Q&A with Michael Freimuth

We became fast friends with Michael Freimuth—Franklyn’s co-founder and creative director—after founding Grammar and have a deep appreciation for Franklyn’s work. Michael’s artful approach to the design of brand experiences results in truly unique work, and since it often sits at the intersection of art and design, we were eager to chat with him about his influences and inspiration. Enjoy!

Can you tell us a bit about you—where you come from and how you got here?

My parents left England in their twenties, which I suppose makes me a first generation American “Freimuth.” We grew up in the suburbs of Chicago, but stayed in close touch with my family in Europe.

It turns out both of my grandfathers were creative in different ways, and though my parents had a touch of it, I’m the one that got to take more advantage of our recessive creative genes. My dad’s father inherited the family business in Czechoslovakia as a textile maker before World War II—however after the war became an entrepreneur out of necessity and a fashion-designer out of curiosity, from what I can tell. I’ve actually been collecting garments from his brand on ebay (from the 1940’s to the 1970’s) as a way to stay in touch with what he built—interestingly his logomark still looks hot and about 30 years ahead of its time. On the other side, my mom’s father worked for the British government and was a codebreaker during the War, but also managed to draw beautiful and charming children’s books on the side. I still have two that he made for me, and they are absolute treasures.

I like to think I inherited a touch of the left and right brain from each of them, but being a creative person is in my family.

How did you discover art? Was there a moment or event that set you on this path?

I doodled as a kid, more or less constantly. One of my first early “art” memories is drawing the cover for a phone book (if you can remember those!) in sixth grade for a grade-school contest. The book was a tiny little printed and stapled booklet with a rendering I made of the front of our school. Besides drawing the school itself in as much detail as I could, I also hid the initials of all my friends in the drawing. I still remember being proud of it, and unbeknownst to even me I’d just created my first piece of graphic design.

I wouldn’t actually hear the term graphic design until I was in college, but I kept drawing throughout school. There wasn’t a class notebook that didn’t get something (or rather, many things) scrawled in the margins. How I maintained a decent grade point average continues to mystify me.

Interestingly (at least for me), when I look back at those comics, cartoons and doodles I actually see graphic design in it’s obscure infancy. My illustrated superheroes always had logos or weird alien languages on them. Alien typography at age 14, who knew? I would often spend more time on the comic book ‘headline’ than on the drawing itself and my cars (or robots) looked ever so slightly branded. I was mildly-unconsciously obsessed with that type of detail and only realized later in college that there was a connection.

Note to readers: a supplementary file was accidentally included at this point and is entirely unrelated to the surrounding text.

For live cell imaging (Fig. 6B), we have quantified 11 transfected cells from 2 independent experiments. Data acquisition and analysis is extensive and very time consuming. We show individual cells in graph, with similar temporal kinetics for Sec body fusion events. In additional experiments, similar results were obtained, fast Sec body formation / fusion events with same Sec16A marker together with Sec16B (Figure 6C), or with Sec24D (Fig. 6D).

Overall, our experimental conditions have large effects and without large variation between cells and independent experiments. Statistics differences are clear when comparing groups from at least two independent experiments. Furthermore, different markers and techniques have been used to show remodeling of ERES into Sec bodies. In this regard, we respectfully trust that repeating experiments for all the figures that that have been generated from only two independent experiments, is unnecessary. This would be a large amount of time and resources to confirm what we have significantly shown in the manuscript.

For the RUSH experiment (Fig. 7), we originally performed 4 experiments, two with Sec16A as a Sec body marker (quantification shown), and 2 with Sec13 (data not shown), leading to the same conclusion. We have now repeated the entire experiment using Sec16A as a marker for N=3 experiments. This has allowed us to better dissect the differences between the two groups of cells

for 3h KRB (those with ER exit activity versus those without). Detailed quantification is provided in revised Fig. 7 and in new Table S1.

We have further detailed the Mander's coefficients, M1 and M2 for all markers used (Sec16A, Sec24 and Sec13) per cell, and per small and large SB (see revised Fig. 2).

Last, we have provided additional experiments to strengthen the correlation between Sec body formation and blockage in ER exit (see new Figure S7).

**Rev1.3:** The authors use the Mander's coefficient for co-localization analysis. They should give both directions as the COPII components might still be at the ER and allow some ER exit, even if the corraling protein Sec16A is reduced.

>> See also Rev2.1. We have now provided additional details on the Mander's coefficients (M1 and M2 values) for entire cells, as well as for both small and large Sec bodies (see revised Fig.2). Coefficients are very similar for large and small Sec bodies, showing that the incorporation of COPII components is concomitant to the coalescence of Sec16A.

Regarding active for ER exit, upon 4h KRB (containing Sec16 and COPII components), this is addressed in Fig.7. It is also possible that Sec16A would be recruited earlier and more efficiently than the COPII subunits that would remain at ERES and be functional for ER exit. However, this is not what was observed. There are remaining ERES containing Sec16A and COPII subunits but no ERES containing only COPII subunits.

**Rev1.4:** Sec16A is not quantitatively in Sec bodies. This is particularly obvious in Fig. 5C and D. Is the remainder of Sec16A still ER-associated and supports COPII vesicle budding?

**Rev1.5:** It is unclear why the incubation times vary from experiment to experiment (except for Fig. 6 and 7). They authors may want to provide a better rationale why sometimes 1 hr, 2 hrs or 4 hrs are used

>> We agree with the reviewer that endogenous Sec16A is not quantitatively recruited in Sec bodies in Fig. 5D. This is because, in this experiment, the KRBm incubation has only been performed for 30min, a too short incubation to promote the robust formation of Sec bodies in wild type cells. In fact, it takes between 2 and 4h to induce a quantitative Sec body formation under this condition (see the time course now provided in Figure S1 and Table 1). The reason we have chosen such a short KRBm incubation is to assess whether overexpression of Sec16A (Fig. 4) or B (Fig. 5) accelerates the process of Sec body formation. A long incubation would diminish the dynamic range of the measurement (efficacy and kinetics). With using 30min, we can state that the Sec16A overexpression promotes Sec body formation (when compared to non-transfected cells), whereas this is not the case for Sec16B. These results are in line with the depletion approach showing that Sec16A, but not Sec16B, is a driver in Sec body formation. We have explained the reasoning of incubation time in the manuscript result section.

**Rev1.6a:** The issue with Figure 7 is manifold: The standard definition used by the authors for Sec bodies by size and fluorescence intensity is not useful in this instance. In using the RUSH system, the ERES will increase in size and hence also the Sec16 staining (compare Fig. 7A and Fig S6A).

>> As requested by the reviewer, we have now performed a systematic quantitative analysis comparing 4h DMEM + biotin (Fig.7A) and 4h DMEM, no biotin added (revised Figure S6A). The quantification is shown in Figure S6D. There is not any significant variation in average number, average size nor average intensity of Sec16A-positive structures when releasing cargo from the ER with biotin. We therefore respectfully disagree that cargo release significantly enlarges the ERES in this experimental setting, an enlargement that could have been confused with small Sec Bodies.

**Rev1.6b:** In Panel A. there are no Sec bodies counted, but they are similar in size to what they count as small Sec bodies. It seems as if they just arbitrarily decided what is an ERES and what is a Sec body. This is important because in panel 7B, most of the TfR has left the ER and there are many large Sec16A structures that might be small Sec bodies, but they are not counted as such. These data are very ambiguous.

If you could organize an event—dinner, show, party, barn raising—with five artists, who would they be and what would happen?

    Great question. One would be a local upstate New York artist named Earl. He passed a few years back, but I have a few of his pieces and would like to see him again. Is it a cop-out to say Banksy? Banksy. Basquiat. Tibor Kalman. Joe Strummer. Let’s make the event something that’s a bit of an equalizer. I live in a little river town off the Hudson, but have been biking a few miles out of my town recently through some beautiful farmland. So, the event will be a group bike ride in September, late afternoon, followed by a beer-picnic-combination at a shooting range with at a great lookout point a few miles west of here. Done!

    What ideas define the way you work? How would you describe your process to an outsider or brand? Is there a moment in your process that defines your work?

    I’d describe my process as at least 50% ‘making a mess’ and 40% ‘cleaning it up,’ and we can reserve 10% for the unexpected. I had the chance to work with Stefan Sagmeister for a year. One of my takeaways from that experience was the power of play and intuition in design and art. Many ideas are as valid as the next and they can come from so many places—including intentional play and mistakes. Some of my favorite work has a kernel in something stumbled upon. Ultimately, it’s not only “okay” to inject subjectivity into your work, but it’s almost laughable to imagine it’s not already fundamentally baked into the process.